To uncover core decision-making processes underlying outcome-insensitive choice behavior in Nrxn1α mutants, we modeled action selection as a probabilistic choice between two alternatives with continually updating values (Figure 4A). We employed a modified Q-learning model with softmax decision function, including five parameters: (1) learning rate (α), which determines the extent to which new information about state-action pairing alters subsequent behavior; (2) reward compression parameter (γ), capturing the subjective benefit of a given reward volume; (3) inverse temperature parameter (β) ), linking the values of each option to choice output; (4) perseveration parameter (κ), capturing the effect of previous choices on subsequent choice, and (5) constant terms to capture spatial biases in choice behavior (see Materials and methods) (Doya, 2007; Niv, 2009; Vo et al., 2014).

Figure 4 with 1 supplement see all
A deficit in value updating underlies abnormal allocation of choices in Neurexin1α mutants.

(A) Q-learning reinforcement model. Mouse choice was modeled as a probabilistic choice between two options of different value (QL,QR) using a softmax decision function. Data from each reinforcement rate were grouped before model fitting. (B) Example of model prediction versus actual animal choice. Choice probability calculated in moving window of 13 trials. Long and short markers indicate large and small reward outcomes. (C and D) As compared to littermate controls (gray, n = 11), Nrxn1α mutants (blue, n = 10) exhibit a deficit in the learning rate, α, which describes the weight given to new reward information and γ, a utility function that relates how sensitively mice integrate rewards of different magnitudes (two-way RM ANOVA). (E) Nrxn1α KOs exhibit an enrichment of low ΔQ-value trials. (F and G) Nrxn1α mutants do not exhibit significant differences in explore–exploit behavior (F, captured by β) or in their persistence toward previously selected actions (G, captured by κ). (K) There is no significant difference in the decision function of Nrxn1α wild-type and mutant animals. All data represented as mean ± SEM. Bias figures can be found in Figure 4—figure supplement 1.

We have previously demonstrated stable trait-like reward processing characteristics in this task (Alabi et al., 2019). In light of this, we grouped the choice data of individual animals across reward ratios to extract stable behavioral parameters. We fit our model using function minimization routines and found that it provided accurate predictions of individual animal choice patterns (Figure 4B). Fitting choice data for wild-type and KO mice, we demonstrated that Nrxn1α KO mice have significantly lower α and γ parameters (Figure 4C and D), suggesting a global deficit in the updating and representation of choice values guiding decisions (Figure 4E). In contrast, we did not observe genotypic differences for the β, κ, or bias parameters (Figure 4F and G and Figure 4—figure supplement 1), suggesting no systemic differences in how the genotypes transform value representations into actions (Figure 4H).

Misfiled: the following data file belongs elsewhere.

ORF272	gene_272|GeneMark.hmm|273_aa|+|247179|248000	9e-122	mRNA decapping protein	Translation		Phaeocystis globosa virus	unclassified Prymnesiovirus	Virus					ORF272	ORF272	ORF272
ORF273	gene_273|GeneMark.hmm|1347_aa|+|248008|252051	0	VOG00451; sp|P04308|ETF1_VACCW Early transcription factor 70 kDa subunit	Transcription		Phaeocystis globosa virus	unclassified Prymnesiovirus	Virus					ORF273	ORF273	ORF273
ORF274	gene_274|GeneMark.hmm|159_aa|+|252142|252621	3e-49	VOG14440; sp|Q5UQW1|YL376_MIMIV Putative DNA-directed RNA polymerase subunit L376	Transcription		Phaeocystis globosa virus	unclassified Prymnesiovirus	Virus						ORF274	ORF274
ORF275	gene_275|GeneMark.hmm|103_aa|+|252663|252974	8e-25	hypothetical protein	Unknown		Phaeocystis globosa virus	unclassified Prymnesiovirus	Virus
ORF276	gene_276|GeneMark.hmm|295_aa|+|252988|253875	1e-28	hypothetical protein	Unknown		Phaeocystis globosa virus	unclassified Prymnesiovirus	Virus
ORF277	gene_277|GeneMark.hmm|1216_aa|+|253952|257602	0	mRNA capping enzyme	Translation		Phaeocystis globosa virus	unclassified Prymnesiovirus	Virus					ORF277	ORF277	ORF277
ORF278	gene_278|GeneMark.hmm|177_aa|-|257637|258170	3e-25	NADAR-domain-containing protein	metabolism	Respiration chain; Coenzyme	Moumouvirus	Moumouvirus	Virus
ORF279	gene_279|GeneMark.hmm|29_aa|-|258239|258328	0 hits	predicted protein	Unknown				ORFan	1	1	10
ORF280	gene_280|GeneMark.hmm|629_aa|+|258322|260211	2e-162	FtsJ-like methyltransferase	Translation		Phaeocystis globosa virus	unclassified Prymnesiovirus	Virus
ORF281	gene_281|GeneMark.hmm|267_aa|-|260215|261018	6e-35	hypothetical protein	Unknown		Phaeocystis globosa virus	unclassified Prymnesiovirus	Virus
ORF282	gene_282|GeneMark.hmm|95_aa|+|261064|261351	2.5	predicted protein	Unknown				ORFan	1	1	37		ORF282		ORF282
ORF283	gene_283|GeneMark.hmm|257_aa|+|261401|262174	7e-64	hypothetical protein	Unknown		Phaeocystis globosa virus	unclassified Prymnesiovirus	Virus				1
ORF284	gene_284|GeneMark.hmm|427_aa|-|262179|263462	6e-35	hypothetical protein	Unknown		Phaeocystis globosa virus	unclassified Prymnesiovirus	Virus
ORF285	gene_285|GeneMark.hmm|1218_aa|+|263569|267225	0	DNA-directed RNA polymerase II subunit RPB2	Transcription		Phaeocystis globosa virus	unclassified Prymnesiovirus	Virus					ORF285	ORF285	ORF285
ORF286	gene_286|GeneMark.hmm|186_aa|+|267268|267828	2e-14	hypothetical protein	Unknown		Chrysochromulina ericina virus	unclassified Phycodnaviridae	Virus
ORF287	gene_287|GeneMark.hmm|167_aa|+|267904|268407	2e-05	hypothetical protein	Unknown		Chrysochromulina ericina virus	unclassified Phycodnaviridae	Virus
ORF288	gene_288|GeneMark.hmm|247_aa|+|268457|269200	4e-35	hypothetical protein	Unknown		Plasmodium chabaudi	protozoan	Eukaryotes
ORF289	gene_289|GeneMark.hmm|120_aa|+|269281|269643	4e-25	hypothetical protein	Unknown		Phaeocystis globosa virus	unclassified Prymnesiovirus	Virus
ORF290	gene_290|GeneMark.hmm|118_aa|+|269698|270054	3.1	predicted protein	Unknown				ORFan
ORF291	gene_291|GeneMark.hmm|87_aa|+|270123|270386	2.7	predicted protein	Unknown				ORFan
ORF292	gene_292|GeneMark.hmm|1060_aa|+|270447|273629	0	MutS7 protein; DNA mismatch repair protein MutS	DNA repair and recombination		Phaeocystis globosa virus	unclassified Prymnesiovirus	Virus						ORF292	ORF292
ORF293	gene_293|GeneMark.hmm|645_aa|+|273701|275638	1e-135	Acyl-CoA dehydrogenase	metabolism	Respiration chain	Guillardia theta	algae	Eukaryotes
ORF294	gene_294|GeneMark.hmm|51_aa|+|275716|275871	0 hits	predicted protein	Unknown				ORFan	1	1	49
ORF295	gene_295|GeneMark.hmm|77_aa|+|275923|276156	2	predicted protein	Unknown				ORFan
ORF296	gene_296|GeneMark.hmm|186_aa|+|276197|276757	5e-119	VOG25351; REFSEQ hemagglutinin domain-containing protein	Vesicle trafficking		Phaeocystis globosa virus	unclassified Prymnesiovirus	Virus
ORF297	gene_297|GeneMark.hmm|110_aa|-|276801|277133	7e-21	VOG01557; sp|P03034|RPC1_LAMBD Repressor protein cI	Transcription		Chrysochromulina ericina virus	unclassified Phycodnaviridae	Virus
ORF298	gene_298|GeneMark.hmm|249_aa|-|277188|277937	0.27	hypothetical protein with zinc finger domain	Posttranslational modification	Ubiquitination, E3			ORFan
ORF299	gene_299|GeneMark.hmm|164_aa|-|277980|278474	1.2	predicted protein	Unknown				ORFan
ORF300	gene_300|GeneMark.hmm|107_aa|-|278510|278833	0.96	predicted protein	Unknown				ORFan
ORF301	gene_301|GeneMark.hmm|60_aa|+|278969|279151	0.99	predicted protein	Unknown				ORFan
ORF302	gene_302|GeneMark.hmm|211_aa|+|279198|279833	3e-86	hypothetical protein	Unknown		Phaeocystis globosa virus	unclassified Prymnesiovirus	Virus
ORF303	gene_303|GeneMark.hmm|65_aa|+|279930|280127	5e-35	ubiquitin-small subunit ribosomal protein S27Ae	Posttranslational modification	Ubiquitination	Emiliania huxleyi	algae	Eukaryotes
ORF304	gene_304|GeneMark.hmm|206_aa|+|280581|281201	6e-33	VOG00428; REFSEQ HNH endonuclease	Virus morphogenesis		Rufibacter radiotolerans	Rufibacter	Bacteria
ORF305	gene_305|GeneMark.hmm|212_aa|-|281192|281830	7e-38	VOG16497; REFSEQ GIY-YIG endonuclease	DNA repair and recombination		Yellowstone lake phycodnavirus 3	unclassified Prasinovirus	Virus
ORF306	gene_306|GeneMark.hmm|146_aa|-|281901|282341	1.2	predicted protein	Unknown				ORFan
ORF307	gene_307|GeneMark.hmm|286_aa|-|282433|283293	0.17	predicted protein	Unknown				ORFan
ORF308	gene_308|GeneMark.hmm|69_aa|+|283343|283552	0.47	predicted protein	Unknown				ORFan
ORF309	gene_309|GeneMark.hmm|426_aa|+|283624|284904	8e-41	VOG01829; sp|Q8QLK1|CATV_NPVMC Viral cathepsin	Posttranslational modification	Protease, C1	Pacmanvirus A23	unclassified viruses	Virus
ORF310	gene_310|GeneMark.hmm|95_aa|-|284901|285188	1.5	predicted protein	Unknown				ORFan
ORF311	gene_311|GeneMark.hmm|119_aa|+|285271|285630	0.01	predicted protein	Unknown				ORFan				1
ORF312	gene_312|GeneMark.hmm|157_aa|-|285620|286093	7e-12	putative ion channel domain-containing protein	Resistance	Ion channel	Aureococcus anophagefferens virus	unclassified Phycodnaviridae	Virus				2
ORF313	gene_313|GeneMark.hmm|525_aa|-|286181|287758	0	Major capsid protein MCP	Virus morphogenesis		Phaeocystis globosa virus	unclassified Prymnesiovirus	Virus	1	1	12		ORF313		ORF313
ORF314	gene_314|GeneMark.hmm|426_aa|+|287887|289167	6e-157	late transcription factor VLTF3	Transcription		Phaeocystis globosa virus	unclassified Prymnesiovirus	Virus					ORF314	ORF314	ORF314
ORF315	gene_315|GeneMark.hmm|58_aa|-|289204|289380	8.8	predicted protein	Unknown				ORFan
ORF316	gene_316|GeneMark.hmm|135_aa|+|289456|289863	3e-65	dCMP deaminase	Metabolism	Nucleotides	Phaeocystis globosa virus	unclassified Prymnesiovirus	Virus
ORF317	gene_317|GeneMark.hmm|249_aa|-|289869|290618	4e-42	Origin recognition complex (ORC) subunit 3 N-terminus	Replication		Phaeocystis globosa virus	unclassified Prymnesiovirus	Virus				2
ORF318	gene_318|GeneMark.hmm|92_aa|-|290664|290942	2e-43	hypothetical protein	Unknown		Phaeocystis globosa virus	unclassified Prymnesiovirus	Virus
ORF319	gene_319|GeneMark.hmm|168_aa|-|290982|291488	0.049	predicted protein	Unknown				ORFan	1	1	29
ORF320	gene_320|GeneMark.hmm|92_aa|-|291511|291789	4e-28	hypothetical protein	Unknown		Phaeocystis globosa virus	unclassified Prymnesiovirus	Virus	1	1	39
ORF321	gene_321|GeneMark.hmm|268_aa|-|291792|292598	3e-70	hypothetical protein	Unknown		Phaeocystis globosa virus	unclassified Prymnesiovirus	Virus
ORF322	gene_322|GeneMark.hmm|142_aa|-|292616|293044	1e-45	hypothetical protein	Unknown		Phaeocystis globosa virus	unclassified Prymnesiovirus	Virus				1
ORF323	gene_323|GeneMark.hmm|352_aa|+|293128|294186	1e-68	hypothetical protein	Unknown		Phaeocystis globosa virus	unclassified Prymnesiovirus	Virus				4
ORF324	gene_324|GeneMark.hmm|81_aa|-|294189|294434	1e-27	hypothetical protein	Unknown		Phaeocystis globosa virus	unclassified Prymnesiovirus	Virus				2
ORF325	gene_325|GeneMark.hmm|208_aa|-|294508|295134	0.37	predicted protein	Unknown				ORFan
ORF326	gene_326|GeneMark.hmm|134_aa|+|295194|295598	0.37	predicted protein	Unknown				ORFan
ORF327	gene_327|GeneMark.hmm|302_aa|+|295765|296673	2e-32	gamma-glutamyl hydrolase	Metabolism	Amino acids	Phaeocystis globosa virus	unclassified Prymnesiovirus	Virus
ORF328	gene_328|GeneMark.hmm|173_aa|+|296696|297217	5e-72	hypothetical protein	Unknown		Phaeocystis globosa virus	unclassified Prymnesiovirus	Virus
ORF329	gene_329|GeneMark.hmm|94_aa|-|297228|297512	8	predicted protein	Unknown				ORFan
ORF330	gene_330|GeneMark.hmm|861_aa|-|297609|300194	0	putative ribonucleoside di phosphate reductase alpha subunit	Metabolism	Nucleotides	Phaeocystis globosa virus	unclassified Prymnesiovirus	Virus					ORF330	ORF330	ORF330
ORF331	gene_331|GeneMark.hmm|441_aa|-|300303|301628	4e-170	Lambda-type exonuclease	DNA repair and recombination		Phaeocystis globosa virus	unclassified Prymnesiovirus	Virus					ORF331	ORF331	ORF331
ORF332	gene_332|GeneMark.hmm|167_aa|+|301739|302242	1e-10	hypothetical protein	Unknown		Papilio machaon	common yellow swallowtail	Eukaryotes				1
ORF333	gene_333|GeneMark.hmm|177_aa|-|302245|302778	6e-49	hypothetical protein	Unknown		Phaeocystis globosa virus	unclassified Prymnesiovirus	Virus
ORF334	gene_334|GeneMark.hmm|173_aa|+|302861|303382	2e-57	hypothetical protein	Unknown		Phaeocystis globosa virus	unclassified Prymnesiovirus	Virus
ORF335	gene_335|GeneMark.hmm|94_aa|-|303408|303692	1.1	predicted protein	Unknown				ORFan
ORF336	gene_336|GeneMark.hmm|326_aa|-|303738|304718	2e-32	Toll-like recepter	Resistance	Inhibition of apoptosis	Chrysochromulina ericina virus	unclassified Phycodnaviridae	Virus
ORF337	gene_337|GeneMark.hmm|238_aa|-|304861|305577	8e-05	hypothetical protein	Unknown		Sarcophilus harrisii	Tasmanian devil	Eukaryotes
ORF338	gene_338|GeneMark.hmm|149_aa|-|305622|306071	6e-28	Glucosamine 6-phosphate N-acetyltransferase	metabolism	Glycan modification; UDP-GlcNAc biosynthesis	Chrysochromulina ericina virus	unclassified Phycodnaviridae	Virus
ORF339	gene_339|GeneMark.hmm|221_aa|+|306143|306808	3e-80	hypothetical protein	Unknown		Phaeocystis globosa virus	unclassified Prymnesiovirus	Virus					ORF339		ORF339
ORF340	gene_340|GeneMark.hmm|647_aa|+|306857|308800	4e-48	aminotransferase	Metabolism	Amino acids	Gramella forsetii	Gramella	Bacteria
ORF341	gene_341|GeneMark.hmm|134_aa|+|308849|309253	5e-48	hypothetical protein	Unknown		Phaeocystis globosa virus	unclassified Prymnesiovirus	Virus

Ablation of Neurexin1α in telencephalic projection neurons recapitulates value-based abnormalities

We next sought to identify molecularly causal circuits relevant for the deficits in value updating exhibited by Nrxn1α KO mice. Multiple telencephalic excitatory regions, which exhibit high expression of Nrxn1α mRNA, have been implicated in the regulation of action–outcome association and encoding of subjective choice value (Bari et al., 2019; Euston et al., 2012; Noonan et al., 2011; Padoa-Schioppa and Conen, 2017; Rushworth et al., 2011; Rushworth et al., 2012). To test whether Nrxn1α loss-of-function in these circuits could drive reward processing deficits, we crossed a Neurexin1α conditional allele (Nrxn1αfl), where exon 9 is surrounded by loxP sites, to the Nex-Cre transgenic line, where Cre-recombinase is driven from the Neurod6 locus in postmitotic progenitors of cortical, hippocampal, and amygdalar projection neurons (Goebbels et al., 2006; Figure 5A and B). mRNA from cortical dissection of Nrxn1αfl/fl; NexCre/+ revealed a 3.5× decrease in Nrxn1α transcripts spanning exon 9 as compared to Nrxn1αfl/fl; Nex+/+ (Figure 5C, left), and a modest degree of nonsense-mediated decay with a downstream probe (Figure 5C, right). Given the early expression of Cre from the NexCre/+ line, it is likely that the Nrxn1αfl allele is recombined prior to its endogenous expression (Lukacsovich et al., 2019). We choose this early deletion so as to best model the pathophysiological processes secondary to Nrxn1α mutations and make direct comparison to the phenotypes observed in the constitutive Nrxn1α KO mice.

Figure 5 with 1 supplement see all
Restricted telencephalic excitatory neuron deletion of Neurexin1α recapitulates choice abnormalities of constitutive KO.